A dental restoration is called a dental inlay when the material is bonded within the center of a tooth. Conversely, it is called a dental onlay when the extent of the dental damage requires inclusion of one or more cusps (points) of the tooth, or full coverage of the biting surface.
Dental onlays can often be used instead of traditional dental fillings to treat tooth decay or similar structural damage. While dental fillings are molded into place within the mouth during a visit with your dentist, dental onlays are fabricated in a dental lab; your dentist then fits and bonds it to the damaged tooth.
There are quite a few advantages to dental onlays:
- Superior fit: onlays preserve as much healthy tooth as possible. They are a good choice if you have minimal to moderate tooth decay that extends into a flossing area; they offer an excellent alternative to full coverage crowns.
- Tooth color: Onlays are not likely to discolor over time, as tooth-colored resin fillings sometimes do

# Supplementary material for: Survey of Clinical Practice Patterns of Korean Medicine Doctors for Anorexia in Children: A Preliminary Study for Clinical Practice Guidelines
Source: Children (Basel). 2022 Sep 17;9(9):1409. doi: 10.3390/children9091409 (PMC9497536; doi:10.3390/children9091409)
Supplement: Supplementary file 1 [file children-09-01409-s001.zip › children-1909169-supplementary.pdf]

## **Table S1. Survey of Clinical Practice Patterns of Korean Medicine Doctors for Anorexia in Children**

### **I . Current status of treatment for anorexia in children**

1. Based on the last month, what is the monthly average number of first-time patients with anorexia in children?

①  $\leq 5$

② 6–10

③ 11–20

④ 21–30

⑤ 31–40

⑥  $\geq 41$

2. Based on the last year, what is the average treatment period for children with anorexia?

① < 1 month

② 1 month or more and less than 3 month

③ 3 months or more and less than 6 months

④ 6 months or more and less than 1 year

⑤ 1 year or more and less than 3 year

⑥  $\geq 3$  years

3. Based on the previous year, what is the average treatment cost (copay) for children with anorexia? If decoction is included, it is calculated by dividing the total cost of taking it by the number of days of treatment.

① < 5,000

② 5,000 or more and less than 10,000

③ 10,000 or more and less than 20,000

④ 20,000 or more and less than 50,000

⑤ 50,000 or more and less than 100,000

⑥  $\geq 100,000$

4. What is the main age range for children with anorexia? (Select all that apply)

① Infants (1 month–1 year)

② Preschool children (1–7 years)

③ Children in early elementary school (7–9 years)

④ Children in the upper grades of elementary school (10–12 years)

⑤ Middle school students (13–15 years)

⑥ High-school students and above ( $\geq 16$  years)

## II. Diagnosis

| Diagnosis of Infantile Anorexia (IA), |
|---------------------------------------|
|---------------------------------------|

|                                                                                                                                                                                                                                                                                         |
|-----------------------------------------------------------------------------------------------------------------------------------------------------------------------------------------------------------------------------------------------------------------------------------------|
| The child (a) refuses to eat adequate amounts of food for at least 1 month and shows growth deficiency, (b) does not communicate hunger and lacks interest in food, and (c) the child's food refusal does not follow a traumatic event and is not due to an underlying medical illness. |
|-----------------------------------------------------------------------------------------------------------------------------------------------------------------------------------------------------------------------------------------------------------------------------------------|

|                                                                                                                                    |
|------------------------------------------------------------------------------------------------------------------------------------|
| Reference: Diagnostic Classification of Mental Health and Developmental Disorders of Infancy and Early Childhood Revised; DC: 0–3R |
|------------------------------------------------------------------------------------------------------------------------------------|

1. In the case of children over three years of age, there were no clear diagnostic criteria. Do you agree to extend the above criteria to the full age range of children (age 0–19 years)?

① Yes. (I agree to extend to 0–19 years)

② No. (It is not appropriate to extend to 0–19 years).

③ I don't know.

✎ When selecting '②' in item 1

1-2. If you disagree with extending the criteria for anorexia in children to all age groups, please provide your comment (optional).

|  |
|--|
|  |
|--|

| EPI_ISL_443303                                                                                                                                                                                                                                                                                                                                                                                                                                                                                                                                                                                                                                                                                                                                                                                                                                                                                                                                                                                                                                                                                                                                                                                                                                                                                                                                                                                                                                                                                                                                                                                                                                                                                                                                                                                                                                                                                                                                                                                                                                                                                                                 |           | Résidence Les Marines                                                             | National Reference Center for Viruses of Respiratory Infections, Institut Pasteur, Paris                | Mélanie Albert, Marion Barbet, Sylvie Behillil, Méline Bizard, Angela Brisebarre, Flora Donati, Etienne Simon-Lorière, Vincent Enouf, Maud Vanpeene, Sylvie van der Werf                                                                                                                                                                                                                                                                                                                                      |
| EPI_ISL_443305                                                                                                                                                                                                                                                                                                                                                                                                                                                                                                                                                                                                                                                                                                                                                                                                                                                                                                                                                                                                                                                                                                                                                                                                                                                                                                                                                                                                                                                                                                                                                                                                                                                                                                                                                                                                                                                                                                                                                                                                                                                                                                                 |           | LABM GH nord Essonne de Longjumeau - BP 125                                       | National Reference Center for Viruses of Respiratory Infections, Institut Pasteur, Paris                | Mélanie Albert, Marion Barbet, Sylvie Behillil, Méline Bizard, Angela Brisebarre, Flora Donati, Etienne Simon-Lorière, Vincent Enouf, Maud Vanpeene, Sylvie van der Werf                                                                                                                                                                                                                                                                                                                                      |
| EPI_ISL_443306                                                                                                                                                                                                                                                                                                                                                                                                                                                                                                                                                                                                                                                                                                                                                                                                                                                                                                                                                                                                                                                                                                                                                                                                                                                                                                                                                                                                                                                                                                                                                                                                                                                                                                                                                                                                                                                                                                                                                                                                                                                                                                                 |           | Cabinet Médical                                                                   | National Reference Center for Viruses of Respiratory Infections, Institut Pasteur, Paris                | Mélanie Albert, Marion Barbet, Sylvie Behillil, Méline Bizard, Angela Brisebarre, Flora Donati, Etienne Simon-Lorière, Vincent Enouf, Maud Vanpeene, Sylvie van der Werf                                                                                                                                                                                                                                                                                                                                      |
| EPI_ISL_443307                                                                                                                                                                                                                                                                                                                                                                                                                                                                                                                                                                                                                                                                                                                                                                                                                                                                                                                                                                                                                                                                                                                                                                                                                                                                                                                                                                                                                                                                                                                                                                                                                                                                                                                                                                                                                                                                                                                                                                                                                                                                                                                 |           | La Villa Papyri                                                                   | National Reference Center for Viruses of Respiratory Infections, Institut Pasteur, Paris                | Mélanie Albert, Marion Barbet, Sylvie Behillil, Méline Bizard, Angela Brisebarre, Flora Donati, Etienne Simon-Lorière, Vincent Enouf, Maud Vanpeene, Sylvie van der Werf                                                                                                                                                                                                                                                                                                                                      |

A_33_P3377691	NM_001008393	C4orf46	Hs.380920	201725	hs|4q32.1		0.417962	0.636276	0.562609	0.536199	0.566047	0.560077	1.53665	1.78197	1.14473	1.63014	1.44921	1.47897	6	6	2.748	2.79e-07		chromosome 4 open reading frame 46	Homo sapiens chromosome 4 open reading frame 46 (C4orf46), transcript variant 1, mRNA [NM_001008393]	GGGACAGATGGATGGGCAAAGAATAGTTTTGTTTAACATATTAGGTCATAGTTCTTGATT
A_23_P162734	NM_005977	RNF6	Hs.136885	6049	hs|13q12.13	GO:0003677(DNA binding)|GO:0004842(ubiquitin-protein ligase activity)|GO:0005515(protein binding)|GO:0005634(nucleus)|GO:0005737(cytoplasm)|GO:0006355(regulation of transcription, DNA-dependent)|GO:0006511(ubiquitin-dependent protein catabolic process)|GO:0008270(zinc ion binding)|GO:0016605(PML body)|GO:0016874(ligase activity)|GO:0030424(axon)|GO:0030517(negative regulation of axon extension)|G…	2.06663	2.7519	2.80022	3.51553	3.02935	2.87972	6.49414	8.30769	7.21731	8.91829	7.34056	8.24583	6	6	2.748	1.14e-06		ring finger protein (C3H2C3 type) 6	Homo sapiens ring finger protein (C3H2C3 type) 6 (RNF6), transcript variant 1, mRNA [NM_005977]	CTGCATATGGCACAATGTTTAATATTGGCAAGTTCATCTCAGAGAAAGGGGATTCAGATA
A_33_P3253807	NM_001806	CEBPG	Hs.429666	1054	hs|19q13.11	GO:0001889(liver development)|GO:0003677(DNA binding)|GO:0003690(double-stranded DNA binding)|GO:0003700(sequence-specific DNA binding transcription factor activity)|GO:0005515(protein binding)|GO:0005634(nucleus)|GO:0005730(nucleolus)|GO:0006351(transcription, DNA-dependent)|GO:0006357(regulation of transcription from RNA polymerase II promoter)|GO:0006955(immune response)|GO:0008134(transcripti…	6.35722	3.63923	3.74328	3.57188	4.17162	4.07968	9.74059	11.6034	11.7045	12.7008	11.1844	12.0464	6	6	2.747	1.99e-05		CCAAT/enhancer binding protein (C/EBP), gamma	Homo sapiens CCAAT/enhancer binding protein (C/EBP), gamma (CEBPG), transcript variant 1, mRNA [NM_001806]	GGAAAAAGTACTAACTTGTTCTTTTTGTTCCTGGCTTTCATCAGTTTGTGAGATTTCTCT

- Helping to ensure functional longevity, onlay restorations preserve the greatest amount of healthy tooth structure while restoring decayed or damaged areas.
- Easy tooth cleaning: Your tooth can be easier to clean than it would be with full coverage restoratives like dental crowns, because the fit is tailored at all edges and the preparation is minimal. During the curing process, composite fillings can shrink; prefabricated porcelain or gold onlays will not, thus ensuring a perfect fit.
- Tight space fulfillments: Onlays are better at sealing teeth to keep out bacteria, and they are easy to clean, will not stain, and offer exceptional longevity.
- Strength and stability: Onlays are extremely stable solutions for the treatment of decay. Their superior fit and durable material make onlays a great choice that can actually strengthen a damaged tooth.
- Weak Tooth Protector: An onlay can protect the weak areas of the tooth. The procedure does not require the complete reshaping of the tooth.